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STUTTGART, Germany -- The U.S. is crafting plans to deploy rotational ground troops and naval forces to the Baltics as part of an effort to bolster the capabilities of regional allies and reassure nations shaken by Russia's intervention in nearby Ukraine, Vice President Joe Biden said.
"We are exploring a number of additional steps to increase the pace and scope of our military cooperation, including rotating U.S. forces to the Baltic region to conduct ground and naval exercises – as well as training missions," Biden said Wednesday during talks with Polish and Estonian officials.
Biden's tour through the region includes a stop Wednesday in Lithuania, where the U.S. already is taking part in a NATO air policing mission.
According to a senior administration official, the plan for an increased presence in the Baltics is primarily focused on building up the defenses of allies in the region. More details are expected within days, the official said.
"So this would be in addition to the Baltic air policing element, it would be a ground and naval effort. And what the Vice President said is that we've begun the process of exploring how we can do that in a way that's effective both for our forces and for the Baltic forces," said the official, whose comments were provided in transcript form by the vice president's office.
For the U.S. and NATO, Russia's annexation of Crimea has rattled assumptions about security in Europe and refocused attention on the Continent. For allies in eastern Europe, it has awakened old fears of a Russia with imperial ambitions.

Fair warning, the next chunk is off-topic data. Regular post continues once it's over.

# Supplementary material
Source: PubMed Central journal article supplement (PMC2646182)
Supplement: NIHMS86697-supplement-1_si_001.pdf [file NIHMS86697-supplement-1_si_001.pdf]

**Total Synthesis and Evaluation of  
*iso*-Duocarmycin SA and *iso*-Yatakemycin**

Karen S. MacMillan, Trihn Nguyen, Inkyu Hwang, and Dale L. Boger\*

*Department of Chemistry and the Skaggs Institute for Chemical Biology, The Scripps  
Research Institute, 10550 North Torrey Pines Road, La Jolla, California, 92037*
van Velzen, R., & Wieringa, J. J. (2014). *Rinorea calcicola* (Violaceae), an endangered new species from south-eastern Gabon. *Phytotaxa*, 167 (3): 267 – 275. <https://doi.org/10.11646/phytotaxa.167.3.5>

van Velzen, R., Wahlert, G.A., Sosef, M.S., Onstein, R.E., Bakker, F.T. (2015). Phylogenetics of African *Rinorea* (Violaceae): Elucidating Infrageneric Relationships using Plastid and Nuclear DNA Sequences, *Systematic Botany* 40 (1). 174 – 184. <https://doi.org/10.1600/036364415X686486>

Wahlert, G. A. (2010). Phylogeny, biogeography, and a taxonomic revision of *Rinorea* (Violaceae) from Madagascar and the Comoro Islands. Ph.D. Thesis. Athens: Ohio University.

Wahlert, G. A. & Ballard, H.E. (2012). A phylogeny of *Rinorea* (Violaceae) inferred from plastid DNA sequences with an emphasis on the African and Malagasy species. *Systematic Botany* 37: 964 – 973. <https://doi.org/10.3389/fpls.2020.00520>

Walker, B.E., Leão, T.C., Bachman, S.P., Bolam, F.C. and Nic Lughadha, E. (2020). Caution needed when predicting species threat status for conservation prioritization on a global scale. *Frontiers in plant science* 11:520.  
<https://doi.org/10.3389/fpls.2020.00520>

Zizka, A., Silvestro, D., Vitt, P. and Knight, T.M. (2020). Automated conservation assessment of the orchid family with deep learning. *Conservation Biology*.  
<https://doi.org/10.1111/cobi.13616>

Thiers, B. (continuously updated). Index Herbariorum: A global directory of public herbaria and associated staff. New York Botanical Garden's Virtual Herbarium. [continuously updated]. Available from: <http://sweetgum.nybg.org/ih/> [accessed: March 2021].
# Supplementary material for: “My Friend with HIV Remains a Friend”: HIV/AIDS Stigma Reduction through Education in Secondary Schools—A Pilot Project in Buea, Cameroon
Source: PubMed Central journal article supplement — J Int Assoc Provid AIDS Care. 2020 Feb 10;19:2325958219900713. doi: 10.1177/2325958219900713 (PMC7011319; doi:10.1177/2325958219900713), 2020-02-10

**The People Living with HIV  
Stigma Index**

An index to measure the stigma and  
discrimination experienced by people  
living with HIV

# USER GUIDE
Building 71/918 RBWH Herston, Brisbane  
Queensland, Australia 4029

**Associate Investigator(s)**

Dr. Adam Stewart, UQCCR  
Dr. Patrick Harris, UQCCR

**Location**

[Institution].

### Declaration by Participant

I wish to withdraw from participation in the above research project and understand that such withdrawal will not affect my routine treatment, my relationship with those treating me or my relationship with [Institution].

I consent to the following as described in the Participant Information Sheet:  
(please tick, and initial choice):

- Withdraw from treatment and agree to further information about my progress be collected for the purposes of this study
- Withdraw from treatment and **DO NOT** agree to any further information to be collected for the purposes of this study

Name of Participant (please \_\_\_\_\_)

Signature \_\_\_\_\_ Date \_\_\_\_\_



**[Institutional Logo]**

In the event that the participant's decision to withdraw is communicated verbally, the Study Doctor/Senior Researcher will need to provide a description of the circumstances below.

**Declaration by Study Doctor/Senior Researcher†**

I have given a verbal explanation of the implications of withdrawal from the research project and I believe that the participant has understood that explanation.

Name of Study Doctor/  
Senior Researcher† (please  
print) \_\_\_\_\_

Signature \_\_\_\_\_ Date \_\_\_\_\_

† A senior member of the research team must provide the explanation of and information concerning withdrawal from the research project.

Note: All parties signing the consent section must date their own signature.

"The old idea of NATO … predicated on a Europe that no longer has any threats has turned out, with the actions we've seen against Ukraine, no longer to apply," Estonian President Toomas Ilves told Biden during the vice president's stop in Warsaw.
"We in NATO must draw our conclusions from Russia's behavior in the current crisis and conduct a review of the entire range of NATO-Russia relations," he said.
In response to the Ukrainian crisis, the U.S. has tried to reassure allies through various measures, such as deploying 12 F-16s to Poland for a training exercise. The Navy also has increased its presence in the region for what has been described as a series of pre-planned training events.
But while Russia's intervention has sparked fears of a return to Cold War-style tensions and military posturing, there is little sign Europe or the U.S. has any appetite for a military confrontation. No significant political leader in the U.S. or western Europe has suggested there is a military solution to the political crisis.
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